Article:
This illustration photo, taken in Los Angeles on Jan. 27, shows a person holding the graphic novel "Maus" by Art Spiegelman. A school board in Tennessee has added to a surge in book bans by conservatives with an order to remove the award-winning 1986 graphic novel on the Holocaust, "Maus," from local student libraries. Author Art Spiegelman told CNN on January 27—coincidentally International Holocaust Remembrance Day—that the ban of his book for crude language was "myopic" and represents a "bigger and stupider" problem than any with his specific work. (Photo by MARO SIRANOSIAN/AFP via Getty Images)

Across the country, the recent uptick in the banning of books written by marginalized people, especially Black queer authors, has never just been about banning books. It’s been about protecting white supremacist ideology and the indoctrination of children in the K-12 system with a false, revisionist history of the U.S. that continues to feed systemic oppressions. Contrary to school board talking points, it is less about protecting the innocence and purity of white children and more about denying and erasing the experiences of other races, genders, and sexual identities as the country’s demographics become more Black, brown, and non-heterosexual.

For Black authors, this is nothing new. Nationwide our writings have continuously been under attack since Phillis Wheatley wrote her first book of poetry in 1773—a book Boston publishers refused to publish in the U.S. Books written by formerly enslaved people, referred to as “Slave Narratives,” faced much scrutiny and denial and even brought potential danger to their authors by those who felt their stories were anti-slavery and anti-American. A fear many of us writers are facing today.

These kinds of books are crucial to young adults’ personal and political development, and banning them prevents young adults from having access to vital information and affirmation of their identities. When white parents and school boards state that a book has subjects that are too “heavy” and “graphic” for a teenager, they admit that they understand nothing about their actual lived experiences in favor of the whitewashed existence and puritanical morality they’ve created in their heads. 

According to the 2019 census, Gen-Z is 52% non-Hispanic white, 25% Hispanic, 14% Black, 6% Asian, and 5% other. According to a poll, 15% of Gen-Z identifies as part of the LGBTQ+ community. This current data showcases that Gen-Z could be the first generation where non-whites outnumber whites within a few years. These shifting demographics are at the heart of book banning. They are also at the heart of the attacks against voting rights, challenges to abortion rights, voter redistricting, and anti-transgender legislation. Conservatives and certain school boards don’t want books that mirror the current makeup of this country. 

For those who benefit the most from systemic oppressions prevalent in the nation, there is an  inherent fear of white people losing the majority of the population of this country. That fear is exacerbated by the fact that they might lose their ability to shape student minds through a whitewashed history. As a child, I was conditioned to be grateful to Abraham Lincoln as the white savior who ended slavery. Books like mine and many others tell the truth about these so-called saviors, and they educate young adults with their most powerful tool—the truth.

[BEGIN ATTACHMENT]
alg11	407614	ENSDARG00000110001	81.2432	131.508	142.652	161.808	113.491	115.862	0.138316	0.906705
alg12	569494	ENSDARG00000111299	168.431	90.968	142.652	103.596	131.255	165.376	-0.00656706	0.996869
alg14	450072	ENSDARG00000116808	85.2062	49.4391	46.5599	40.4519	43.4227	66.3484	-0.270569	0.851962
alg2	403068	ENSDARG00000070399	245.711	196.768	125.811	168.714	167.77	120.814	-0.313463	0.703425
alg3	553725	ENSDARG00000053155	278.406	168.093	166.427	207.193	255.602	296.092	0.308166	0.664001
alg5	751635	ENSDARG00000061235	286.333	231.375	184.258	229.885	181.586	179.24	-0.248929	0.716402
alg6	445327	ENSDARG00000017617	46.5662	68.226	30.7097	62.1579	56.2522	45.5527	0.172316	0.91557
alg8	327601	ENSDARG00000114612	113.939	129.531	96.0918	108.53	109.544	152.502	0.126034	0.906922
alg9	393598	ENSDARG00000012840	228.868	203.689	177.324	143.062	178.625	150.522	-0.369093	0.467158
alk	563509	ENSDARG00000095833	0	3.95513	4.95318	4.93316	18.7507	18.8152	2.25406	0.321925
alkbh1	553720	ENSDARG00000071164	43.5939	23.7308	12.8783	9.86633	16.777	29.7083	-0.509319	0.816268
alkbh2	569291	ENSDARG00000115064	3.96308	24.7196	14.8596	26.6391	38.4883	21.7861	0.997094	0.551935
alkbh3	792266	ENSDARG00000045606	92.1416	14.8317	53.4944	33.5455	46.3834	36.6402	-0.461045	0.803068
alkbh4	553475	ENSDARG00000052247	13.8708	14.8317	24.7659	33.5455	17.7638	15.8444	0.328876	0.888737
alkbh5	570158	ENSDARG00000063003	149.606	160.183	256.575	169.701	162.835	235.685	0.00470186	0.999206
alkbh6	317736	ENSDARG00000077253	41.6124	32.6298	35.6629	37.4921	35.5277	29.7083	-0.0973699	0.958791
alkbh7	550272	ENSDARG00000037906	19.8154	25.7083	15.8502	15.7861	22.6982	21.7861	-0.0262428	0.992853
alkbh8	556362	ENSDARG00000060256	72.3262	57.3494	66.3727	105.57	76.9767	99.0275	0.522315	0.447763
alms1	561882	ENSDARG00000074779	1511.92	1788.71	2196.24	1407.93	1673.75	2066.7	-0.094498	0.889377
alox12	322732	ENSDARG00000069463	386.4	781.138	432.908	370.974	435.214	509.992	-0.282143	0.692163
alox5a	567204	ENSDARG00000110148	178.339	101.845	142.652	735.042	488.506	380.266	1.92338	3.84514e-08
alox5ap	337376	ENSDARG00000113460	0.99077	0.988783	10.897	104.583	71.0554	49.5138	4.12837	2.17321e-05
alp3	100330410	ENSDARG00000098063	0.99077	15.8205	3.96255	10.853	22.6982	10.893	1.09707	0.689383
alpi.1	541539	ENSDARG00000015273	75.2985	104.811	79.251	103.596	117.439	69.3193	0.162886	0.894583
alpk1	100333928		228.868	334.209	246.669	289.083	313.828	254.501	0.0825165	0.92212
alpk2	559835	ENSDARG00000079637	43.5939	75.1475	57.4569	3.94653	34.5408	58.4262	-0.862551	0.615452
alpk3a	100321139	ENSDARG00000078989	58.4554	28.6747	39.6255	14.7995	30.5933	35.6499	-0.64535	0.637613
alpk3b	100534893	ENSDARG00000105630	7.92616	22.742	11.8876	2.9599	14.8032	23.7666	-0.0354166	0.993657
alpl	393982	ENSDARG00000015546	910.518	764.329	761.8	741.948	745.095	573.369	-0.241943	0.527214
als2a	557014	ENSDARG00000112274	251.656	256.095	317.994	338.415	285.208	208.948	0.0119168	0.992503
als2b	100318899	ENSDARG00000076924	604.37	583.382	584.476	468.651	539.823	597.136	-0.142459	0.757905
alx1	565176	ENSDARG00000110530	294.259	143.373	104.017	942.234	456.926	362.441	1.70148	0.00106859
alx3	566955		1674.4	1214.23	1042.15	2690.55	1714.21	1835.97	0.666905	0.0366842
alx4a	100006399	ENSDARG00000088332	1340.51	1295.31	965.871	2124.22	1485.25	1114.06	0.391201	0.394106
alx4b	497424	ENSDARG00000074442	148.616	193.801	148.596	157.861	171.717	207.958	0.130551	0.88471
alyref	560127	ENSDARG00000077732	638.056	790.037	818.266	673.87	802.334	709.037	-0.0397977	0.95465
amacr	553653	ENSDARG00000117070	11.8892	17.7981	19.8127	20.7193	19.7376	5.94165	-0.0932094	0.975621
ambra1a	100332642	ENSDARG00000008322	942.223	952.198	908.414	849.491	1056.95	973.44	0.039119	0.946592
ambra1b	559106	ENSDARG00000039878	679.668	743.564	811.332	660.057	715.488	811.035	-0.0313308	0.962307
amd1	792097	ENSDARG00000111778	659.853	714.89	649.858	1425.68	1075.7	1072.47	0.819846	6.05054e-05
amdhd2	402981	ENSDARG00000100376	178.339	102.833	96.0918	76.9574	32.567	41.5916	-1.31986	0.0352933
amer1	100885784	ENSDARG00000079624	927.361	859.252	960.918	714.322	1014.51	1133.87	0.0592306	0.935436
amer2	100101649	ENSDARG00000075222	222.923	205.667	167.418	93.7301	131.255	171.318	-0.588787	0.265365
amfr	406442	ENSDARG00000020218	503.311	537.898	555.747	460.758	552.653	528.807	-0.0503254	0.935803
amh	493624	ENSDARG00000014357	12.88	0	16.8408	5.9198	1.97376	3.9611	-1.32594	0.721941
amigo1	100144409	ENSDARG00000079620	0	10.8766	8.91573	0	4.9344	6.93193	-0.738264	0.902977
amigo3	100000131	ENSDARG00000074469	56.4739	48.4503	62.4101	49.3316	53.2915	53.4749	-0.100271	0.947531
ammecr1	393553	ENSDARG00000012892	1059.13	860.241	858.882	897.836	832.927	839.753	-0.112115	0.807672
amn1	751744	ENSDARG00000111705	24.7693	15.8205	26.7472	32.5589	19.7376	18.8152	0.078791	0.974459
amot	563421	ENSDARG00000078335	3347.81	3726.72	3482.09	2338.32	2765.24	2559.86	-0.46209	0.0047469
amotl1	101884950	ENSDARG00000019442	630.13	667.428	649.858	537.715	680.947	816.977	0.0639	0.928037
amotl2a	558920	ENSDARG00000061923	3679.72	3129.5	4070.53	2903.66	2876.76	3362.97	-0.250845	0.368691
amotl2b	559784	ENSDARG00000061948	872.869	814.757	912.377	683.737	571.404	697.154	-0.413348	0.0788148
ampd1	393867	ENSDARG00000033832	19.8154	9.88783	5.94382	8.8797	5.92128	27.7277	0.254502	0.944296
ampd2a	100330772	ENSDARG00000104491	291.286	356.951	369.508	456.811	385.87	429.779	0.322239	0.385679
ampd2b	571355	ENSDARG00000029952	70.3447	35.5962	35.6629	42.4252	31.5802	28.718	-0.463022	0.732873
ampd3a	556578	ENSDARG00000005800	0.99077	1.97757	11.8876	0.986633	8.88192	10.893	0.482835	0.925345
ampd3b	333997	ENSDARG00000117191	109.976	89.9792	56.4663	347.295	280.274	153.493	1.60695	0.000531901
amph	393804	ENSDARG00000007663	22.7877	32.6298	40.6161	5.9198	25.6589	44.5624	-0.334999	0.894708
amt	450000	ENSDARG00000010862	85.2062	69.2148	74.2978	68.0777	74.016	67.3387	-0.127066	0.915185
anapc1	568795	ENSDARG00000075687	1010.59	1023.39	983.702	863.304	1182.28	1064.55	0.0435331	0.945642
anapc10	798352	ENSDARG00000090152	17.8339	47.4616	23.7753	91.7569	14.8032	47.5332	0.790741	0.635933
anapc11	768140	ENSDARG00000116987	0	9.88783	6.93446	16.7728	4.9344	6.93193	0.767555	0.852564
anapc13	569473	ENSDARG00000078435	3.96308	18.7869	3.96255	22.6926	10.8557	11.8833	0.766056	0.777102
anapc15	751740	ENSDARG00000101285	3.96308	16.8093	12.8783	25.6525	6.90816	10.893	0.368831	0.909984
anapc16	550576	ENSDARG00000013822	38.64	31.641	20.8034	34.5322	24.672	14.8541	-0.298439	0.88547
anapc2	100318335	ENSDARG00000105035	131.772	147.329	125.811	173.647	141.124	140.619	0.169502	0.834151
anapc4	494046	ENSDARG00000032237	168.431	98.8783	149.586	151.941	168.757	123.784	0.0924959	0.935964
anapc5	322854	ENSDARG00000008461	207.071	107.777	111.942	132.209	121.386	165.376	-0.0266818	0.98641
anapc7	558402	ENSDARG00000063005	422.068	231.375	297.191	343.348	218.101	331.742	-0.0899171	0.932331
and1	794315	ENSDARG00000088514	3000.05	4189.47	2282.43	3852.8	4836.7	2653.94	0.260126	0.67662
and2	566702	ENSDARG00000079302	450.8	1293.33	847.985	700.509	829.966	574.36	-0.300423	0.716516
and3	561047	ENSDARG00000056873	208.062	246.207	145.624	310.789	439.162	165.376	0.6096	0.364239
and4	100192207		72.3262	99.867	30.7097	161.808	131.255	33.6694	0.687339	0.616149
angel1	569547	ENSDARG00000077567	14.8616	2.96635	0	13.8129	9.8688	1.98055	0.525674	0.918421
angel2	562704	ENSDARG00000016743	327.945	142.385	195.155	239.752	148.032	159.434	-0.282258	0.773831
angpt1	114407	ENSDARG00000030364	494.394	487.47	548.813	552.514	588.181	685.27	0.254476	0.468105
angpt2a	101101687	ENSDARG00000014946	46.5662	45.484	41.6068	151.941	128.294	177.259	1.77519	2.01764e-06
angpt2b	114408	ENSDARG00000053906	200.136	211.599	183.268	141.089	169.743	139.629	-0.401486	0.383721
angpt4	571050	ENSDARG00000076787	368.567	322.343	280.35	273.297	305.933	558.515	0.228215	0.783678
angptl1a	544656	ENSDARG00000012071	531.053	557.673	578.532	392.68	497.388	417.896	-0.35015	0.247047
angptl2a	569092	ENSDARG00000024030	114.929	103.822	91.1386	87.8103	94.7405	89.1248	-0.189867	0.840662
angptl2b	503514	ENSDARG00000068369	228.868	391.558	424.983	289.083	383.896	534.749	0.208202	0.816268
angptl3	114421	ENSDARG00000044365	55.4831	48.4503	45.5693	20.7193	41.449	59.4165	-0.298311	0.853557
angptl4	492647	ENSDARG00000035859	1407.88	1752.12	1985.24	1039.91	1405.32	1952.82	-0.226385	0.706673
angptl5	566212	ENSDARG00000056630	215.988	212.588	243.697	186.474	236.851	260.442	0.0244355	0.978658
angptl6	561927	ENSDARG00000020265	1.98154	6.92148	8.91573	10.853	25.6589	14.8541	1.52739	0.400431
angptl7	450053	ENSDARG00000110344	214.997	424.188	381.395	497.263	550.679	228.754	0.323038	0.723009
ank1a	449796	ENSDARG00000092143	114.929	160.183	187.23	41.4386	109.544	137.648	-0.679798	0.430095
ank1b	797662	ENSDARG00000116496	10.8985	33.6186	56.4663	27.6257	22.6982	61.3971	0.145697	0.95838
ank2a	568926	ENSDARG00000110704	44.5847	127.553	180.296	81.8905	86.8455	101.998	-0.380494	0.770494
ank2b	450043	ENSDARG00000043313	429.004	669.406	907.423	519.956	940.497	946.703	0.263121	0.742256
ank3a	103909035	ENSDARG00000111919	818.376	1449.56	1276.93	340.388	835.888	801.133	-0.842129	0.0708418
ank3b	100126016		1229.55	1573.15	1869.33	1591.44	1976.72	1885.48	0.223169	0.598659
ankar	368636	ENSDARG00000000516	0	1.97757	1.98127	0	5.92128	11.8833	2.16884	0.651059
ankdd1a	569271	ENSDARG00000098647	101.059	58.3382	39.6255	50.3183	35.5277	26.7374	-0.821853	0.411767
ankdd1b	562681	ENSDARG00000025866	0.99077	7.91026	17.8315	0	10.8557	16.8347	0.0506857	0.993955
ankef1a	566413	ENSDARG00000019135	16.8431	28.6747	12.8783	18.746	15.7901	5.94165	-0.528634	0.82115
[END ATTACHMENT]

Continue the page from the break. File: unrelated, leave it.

Our books also share experiences that are non-white and non-heterosexual, giving other young adults their right to read about experiences like—and unlike—their own. No one banning the books seems have any issue with non-white kids being forced to read almost exclusively about the experiences of white children like my family has for generations. At the heart of this is anti-Blackness and anti-queerness, as our stories and experiences are being deemed as potentially “hurtful” to white students without regard for how their experiences have historically and systemically oppressed us. 

These bans require a sustained call to action. We must all push back against the conservatives who are trying to remove the books from the libraries. This includes signing petitions, supporting the students who are rallying at school board meetings, and sharing your voice during school board hearings. Conservatives often win by being the loudest people in the room, and making sure that we are in those same rooms sharing our counterpoints is extremely important when decisions to pull books are being made. 

Another thing you can do to support an author being harmed by the ban is to buy their books. Higher sales boost our visibility, and visibility helps create more access points. When they are able to remove our books from school libraries, it then becomes on us to make sure they can still get the book at the public library. Or at indie bookstores, Target, LGBTQ+ centers, and grassroots libraries. Sales ensure when there are more places people can receive these books, and even more crucially, when schools deny access, it becomes imperative we teach them at home. 

We have reached an unprecedented time where the fear of the majority becoming the minority has reached its boiling point. That fear becomes realized if we allow them to deny us our stories in the same way they have continuously denied our humanity and that of our ancestors. Book bans are about more than removing books. They’re an attempt to remove our existence, and we must fight against them fervently. 

George M. Johnson is the New York Times Bestselling Author of All Boys Aren’t Blue. As an award-winning Black Non-Binary Writer, they have written for major outlets including Teen Vogue, Entertainment...